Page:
IF you don’t agree, deface a work and replace it on private property?

They cited another poem by Kipling, for their reasoning called, ‘The White Man’s Burden’ (1899). That published poem coincided with the beginning of the Philippine-American War and U.S. Senate ratification of the treaty that placed Puerto Rico, Guam, Cuba, and the Philippines under American control. Theodore Roosevelt, soon to become vice-president and then president, copied the poem and sent it to his friend, Senator Henry Cabot Lodge, commenting that it was “rather poor poetry, but good sense from the expansion point of view.” This is how Roosevelt interpreted this poem as did others and many still do. This poem speaks not of Kipling’s encouragement, for the expansion, but makes mockery of it and compares Old England’s imperialistic colonizing in the 13 colonies, slavery and bondage of those taken against their will and even his own experience of England in the country of his birth, India. No, Kipling was not speaking favorably of ‘The White Man’s Burden, but he mocked it, he ridiculed it, it was sarcasm! But I ask you, was this the poem that the Manchester students defaced? No it was not!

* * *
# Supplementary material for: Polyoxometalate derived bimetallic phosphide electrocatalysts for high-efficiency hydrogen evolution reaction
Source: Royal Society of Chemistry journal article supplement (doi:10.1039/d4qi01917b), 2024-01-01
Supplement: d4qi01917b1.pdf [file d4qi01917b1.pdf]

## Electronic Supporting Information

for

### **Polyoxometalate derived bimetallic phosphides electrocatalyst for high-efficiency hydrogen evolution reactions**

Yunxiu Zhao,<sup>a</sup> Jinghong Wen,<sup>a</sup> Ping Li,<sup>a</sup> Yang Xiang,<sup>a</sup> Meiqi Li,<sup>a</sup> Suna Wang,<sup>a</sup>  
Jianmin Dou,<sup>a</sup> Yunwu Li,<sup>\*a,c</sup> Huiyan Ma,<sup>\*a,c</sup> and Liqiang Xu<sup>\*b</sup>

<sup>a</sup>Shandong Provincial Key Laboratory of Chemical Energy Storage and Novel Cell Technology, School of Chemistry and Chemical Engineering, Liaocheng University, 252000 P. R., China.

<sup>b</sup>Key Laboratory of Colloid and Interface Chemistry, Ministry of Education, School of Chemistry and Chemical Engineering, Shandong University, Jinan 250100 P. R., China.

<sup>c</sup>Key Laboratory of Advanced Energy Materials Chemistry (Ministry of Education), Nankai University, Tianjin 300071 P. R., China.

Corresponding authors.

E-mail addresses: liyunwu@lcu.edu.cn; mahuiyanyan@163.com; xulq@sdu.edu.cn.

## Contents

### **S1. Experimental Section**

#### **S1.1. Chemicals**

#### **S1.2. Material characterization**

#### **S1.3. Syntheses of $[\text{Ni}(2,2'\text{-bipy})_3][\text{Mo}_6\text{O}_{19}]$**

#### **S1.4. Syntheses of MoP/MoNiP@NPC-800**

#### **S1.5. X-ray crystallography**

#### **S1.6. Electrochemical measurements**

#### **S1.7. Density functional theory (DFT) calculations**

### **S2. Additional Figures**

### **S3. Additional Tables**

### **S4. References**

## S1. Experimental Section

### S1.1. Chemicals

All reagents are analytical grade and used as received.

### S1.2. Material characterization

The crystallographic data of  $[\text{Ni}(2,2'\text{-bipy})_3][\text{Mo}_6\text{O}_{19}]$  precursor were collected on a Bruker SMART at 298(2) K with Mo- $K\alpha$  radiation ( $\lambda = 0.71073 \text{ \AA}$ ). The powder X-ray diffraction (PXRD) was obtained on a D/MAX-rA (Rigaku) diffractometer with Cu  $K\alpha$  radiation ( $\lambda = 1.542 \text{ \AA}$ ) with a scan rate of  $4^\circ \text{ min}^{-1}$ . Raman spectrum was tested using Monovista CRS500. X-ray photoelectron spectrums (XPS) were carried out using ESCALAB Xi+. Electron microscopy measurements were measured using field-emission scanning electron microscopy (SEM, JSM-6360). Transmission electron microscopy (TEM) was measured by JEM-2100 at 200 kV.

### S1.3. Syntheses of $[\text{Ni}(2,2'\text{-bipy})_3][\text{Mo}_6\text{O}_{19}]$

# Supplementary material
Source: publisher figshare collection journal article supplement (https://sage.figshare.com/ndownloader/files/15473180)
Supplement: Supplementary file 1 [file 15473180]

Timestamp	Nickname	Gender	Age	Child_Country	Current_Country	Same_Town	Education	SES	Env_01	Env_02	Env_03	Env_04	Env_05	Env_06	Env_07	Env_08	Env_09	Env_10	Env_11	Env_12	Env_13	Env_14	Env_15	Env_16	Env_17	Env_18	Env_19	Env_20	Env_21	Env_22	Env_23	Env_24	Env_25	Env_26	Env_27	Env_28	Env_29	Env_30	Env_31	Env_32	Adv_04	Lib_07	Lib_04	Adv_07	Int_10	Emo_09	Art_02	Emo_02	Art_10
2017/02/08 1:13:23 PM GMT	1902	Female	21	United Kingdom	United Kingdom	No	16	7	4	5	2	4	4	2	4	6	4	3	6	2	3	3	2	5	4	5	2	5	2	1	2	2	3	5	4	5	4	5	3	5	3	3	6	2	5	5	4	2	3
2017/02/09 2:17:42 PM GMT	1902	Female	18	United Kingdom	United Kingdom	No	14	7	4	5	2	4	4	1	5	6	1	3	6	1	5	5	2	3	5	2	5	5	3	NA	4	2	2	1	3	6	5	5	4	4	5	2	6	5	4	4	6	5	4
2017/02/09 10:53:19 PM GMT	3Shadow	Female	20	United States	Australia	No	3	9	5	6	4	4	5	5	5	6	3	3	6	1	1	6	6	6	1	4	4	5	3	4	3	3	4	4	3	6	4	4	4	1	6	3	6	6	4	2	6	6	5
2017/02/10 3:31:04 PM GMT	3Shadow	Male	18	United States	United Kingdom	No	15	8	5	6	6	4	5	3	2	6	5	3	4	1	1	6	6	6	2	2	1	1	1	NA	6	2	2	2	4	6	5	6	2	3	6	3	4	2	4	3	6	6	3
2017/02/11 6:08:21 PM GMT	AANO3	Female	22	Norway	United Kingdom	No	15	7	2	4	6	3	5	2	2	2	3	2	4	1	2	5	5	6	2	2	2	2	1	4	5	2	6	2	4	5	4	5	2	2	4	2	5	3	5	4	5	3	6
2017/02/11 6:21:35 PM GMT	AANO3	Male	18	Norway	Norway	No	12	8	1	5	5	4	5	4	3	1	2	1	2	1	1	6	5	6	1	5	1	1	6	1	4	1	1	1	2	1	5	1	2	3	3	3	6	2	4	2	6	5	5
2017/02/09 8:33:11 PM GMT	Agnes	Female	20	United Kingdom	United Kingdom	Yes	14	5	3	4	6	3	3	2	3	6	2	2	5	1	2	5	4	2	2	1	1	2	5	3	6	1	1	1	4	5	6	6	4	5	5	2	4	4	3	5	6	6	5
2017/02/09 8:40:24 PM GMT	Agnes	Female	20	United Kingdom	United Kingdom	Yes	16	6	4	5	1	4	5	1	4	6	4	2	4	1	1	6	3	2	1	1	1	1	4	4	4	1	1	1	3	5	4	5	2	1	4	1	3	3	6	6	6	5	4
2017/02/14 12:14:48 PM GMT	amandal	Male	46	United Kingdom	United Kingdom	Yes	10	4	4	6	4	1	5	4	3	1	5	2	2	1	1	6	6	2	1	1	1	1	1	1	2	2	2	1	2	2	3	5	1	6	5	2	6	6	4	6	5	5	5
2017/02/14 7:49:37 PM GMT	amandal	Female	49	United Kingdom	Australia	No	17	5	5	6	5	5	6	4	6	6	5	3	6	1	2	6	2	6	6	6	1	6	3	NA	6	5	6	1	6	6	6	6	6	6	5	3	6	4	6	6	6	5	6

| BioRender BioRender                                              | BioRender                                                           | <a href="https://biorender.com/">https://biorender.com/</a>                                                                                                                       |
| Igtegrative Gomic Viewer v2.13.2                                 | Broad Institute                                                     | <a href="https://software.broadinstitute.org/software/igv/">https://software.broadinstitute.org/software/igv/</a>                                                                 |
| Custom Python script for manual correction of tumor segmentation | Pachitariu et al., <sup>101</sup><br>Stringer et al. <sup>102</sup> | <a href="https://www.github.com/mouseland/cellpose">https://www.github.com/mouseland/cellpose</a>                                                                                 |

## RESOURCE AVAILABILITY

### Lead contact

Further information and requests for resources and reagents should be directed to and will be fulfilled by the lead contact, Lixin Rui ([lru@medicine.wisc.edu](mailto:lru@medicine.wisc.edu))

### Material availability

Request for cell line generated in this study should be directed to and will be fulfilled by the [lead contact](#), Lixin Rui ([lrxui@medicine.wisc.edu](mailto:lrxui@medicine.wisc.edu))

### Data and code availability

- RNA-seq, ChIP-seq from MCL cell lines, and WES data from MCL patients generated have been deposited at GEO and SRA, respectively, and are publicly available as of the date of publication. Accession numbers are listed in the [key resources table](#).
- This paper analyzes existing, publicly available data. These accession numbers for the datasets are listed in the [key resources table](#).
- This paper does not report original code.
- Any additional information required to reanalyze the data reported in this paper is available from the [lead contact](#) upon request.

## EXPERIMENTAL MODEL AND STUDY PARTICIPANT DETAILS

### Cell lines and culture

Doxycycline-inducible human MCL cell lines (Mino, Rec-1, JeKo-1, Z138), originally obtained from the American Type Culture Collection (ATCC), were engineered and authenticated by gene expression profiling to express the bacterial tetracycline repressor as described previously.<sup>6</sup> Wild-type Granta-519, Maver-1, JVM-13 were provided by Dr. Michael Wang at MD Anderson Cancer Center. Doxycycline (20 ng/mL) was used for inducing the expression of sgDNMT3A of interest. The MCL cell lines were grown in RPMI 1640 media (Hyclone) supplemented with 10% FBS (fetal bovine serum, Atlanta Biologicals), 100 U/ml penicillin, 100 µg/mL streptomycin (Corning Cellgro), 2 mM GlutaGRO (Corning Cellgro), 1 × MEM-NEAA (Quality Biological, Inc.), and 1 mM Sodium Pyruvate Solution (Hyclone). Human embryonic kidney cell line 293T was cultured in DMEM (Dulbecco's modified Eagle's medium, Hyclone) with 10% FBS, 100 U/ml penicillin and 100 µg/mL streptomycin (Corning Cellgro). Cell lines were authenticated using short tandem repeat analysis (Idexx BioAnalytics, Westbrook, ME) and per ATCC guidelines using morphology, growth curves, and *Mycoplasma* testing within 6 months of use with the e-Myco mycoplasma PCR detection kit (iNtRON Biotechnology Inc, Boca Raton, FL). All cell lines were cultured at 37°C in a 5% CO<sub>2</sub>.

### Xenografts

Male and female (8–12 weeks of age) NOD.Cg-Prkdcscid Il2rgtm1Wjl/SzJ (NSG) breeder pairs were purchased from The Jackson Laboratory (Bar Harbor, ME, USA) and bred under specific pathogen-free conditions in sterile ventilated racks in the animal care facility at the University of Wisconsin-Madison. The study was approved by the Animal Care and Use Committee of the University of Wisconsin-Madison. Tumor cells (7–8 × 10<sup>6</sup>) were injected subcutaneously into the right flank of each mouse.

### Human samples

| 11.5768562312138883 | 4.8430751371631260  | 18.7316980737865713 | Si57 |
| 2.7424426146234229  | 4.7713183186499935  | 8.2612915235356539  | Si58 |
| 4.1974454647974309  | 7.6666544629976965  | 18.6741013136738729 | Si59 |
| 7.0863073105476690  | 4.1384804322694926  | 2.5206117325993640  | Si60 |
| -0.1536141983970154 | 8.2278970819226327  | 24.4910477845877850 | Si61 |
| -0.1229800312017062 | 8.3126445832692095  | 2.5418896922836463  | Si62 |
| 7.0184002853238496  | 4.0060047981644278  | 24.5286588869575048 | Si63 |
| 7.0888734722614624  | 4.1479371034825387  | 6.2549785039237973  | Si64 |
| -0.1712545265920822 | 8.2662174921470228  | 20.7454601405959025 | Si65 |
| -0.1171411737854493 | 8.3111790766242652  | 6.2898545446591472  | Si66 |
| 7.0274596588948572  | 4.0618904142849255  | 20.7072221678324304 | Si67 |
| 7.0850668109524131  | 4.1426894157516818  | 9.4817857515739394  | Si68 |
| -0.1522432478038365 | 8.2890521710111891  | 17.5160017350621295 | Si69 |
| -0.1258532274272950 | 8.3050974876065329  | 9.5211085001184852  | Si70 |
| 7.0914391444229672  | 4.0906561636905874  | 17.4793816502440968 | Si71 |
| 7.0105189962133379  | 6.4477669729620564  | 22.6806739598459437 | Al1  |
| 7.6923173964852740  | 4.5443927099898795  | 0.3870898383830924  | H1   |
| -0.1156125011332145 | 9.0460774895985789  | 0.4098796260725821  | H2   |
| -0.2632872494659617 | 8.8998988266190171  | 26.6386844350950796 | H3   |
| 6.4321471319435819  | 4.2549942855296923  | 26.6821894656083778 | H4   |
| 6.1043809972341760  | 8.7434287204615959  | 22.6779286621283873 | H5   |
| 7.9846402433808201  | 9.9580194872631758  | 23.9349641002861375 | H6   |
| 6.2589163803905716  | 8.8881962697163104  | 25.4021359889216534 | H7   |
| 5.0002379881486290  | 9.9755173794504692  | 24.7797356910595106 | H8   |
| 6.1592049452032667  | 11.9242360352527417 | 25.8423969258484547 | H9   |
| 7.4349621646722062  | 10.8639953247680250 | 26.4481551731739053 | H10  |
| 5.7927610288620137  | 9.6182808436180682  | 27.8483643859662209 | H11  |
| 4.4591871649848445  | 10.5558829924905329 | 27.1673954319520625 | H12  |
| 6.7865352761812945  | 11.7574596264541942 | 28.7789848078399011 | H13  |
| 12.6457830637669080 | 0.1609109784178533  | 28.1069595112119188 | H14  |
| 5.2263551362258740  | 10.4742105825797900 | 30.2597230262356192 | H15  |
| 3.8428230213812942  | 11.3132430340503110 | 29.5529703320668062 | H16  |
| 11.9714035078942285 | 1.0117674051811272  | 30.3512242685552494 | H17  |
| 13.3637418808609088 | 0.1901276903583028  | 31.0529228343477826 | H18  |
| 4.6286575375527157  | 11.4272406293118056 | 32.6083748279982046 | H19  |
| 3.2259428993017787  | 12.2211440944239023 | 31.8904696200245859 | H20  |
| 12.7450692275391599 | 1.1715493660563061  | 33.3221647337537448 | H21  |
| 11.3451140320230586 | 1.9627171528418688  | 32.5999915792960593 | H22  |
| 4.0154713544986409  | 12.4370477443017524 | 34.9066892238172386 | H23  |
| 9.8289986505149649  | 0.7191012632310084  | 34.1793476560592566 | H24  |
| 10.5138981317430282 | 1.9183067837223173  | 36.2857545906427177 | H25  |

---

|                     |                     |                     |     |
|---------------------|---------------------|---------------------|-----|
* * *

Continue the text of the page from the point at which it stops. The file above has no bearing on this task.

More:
What is the connection between ‘The White Man’s Burden’ and the poem ‘If’? The only connection is that Kipling wrote them both, different subjects, different content, that’s it! The racialized notion of the “White Man’s burden” became a euphemism for imperialism, and racism and many anti-imperialists and anti-racists couched their opposition in reaction to the phrase.

Well, how is this for tolerance and the freedom of speech? If you disagree with someone, erase their work? Yes, by all means, go ahead and erase history? Make up your own history?

Who gave the students permission to deface private property?

The union has apologized meaning, they bent over backwards and acquiesced to political correctness, (must not offend anyone), for failing to consult students on its choice of poet and poem.